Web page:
Amniotic fluid surrounds the fetus during intrauterine development. This fluid provides several important benefits to the fetus in that it cushions the fetus against trauma, has antibacterial properties to lessen infections, and functions as a reservoir that may provide a short-term source of fluid and nutrients to the fetus. In addition, at least moderate amounts of amniotic fluid are required for the fetal musculoskeletal system to develop normally, for gastrointestinal system development, and for the fetal lungs to develop and mature as needed in preparation for the breathing of air that must commence abruptly at birth. Hence, it is not surprising to find that oligohydramnios (too little amniotic fluid) and polyhydramnios (too much amniotic fluid) are associated with increased rates of perinatal morbidity and mortality.1,2 Although fetal congenital anomalies and a variety of disease states such as fetal infection or anemia are often associated with oligohydramnios or polyhydramnios, many times the fetus is normal except for the aberration in amniotic fluid volume (AFV). Even with a normal fetus, abnormal amniotic fluid volumes are associated with increased perinatal morbidity and mortality. Hence, it is important to understand the physiological regulation of AFV so that appropriate therapies can be developed to restore AFV to its normal range and thereby, reduce the rates of fetal and neonatal compromise caused by oligohydramnios or polyhydramnios.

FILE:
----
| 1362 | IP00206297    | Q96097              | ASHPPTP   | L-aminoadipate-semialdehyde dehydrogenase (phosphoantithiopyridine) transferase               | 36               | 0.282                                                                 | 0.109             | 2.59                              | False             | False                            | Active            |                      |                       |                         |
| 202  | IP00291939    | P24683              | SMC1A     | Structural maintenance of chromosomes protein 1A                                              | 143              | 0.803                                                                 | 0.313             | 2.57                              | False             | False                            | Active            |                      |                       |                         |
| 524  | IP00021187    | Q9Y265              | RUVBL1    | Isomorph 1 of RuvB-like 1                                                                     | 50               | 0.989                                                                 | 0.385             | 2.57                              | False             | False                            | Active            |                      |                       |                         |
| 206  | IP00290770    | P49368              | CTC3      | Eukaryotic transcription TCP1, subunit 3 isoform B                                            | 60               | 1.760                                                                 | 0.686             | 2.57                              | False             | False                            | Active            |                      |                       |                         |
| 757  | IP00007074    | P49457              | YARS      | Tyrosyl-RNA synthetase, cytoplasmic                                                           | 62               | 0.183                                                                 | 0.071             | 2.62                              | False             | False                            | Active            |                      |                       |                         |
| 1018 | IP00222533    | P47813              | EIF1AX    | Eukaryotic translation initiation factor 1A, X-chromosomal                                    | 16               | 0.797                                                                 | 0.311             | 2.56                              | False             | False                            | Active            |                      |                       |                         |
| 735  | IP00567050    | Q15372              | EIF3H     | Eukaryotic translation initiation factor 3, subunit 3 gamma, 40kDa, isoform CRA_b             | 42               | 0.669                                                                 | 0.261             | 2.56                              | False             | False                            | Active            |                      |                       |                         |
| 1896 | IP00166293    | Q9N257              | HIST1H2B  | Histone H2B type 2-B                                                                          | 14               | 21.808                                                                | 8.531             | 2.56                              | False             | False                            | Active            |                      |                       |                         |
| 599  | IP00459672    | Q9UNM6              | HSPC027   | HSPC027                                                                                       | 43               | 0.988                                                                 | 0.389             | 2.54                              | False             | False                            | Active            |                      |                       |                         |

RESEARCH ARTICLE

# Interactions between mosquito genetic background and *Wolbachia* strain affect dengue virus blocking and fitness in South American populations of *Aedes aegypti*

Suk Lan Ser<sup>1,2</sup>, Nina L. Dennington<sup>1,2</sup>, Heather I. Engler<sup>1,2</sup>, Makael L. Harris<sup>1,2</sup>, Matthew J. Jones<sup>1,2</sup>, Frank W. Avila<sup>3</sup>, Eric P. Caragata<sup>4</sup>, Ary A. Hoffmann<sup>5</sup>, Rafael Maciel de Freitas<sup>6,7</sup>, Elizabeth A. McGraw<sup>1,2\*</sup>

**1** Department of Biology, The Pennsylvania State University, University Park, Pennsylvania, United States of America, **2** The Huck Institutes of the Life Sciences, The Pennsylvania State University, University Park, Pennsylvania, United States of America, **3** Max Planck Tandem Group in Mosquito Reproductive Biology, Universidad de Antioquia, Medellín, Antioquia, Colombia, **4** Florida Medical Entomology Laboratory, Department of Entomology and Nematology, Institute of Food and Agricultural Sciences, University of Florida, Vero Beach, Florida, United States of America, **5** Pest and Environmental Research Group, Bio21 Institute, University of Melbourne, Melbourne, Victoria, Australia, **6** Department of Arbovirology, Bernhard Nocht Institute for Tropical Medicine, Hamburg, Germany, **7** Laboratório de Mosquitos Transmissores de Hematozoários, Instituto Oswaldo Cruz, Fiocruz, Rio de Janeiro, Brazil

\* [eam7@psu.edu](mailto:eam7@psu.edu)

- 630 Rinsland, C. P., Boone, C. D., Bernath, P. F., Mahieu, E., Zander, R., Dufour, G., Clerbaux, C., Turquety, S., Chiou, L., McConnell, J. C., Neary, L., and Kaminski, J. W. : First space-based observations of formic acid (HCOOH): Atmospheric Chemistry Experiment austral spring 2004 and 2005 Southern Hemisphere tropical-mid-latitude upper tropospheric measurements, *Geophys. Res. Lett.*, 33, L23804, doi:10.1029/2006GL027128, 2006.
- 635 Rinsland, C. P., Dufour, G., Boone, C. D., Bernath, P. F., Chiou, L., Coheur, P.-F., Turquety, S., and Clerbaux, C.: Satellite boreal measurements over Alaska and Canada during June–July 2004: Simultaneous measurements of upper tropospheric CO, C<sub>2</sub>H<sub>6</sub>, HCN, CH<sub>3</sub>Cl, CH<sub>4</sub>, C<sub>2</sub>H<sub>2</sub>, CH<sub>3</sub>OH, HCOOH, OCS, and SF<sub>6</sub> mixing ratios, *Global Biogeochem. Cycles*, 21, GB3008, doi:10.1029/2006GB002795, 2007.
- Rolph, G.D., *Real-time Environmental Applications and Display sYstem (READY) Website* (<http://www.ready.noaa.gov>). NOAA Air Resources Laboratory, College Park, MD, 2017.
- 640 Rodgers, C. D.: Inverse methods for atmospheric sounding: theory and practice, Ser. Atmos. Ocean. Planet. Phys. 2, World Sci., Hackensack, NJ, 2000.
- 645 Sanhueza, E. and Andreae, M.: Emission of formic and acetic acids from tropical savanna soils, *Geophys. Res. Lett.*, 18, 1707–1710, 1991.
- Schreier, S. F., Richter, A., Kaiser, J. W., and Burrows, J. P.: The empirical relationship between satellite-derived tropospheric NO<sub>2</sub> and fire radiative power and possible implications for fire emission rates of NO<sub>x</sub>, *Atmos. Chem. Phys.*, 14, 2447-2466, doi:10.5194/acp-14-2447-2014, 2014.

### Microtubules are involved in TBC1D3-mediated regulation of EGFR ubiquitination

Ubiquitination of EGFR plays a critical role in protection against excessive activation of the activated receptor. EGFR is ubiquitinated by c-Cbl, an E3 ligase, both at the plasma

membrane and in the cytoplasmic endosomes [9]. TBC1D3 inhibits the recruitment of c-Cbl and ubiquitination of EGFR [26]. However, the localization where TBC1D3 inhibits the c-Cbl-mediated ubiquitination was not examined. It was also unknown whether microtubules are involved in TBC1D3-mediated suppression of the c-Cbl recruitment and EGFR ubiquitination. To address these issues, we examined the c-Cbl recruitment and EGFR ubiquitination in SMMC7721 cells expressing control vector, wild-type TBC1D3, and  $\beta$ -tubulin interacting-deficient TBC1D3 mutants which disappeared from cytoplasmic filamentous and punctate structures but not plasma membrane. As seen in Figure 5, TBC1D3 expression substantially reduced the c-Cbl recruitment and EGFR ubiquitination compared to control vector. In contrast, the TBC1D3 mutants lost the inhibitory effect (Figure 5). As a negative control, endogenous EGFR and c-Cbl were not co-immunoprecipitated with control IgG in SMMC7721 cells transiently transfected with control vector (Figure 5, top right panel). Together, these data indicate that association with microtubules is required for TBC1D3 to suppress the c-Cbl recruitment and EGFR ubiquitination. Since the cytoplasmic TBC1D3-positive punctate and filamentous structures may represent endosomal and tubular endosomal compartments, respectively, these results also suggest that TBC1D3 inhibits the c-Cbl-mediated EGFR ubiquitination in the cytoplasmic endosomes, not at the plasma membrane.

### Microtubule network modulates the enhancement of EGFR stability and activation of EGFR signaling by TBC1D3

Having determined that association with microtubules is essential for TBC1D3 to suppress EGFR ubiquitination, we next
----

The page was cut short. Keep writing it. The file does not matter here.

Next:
This article reviews the changes in AFV that normally occur across gestation, the multiple pathways that allow water and solutes to enter and leave the amniotic compartment, and what is known about the flow rates through each of these pathways. These flows are then discussed relative to the regulation of AFV. The discussion is limited to the latter half of gestation because little is known about amniotic flows during early gestation. Finally, the widely accepted concept that chronic fetal hypoxia causes oligohydramnios is reviewed with the result that chronic fetal hypoxia appears to cause polyhydramnios rather than oligohydramnios.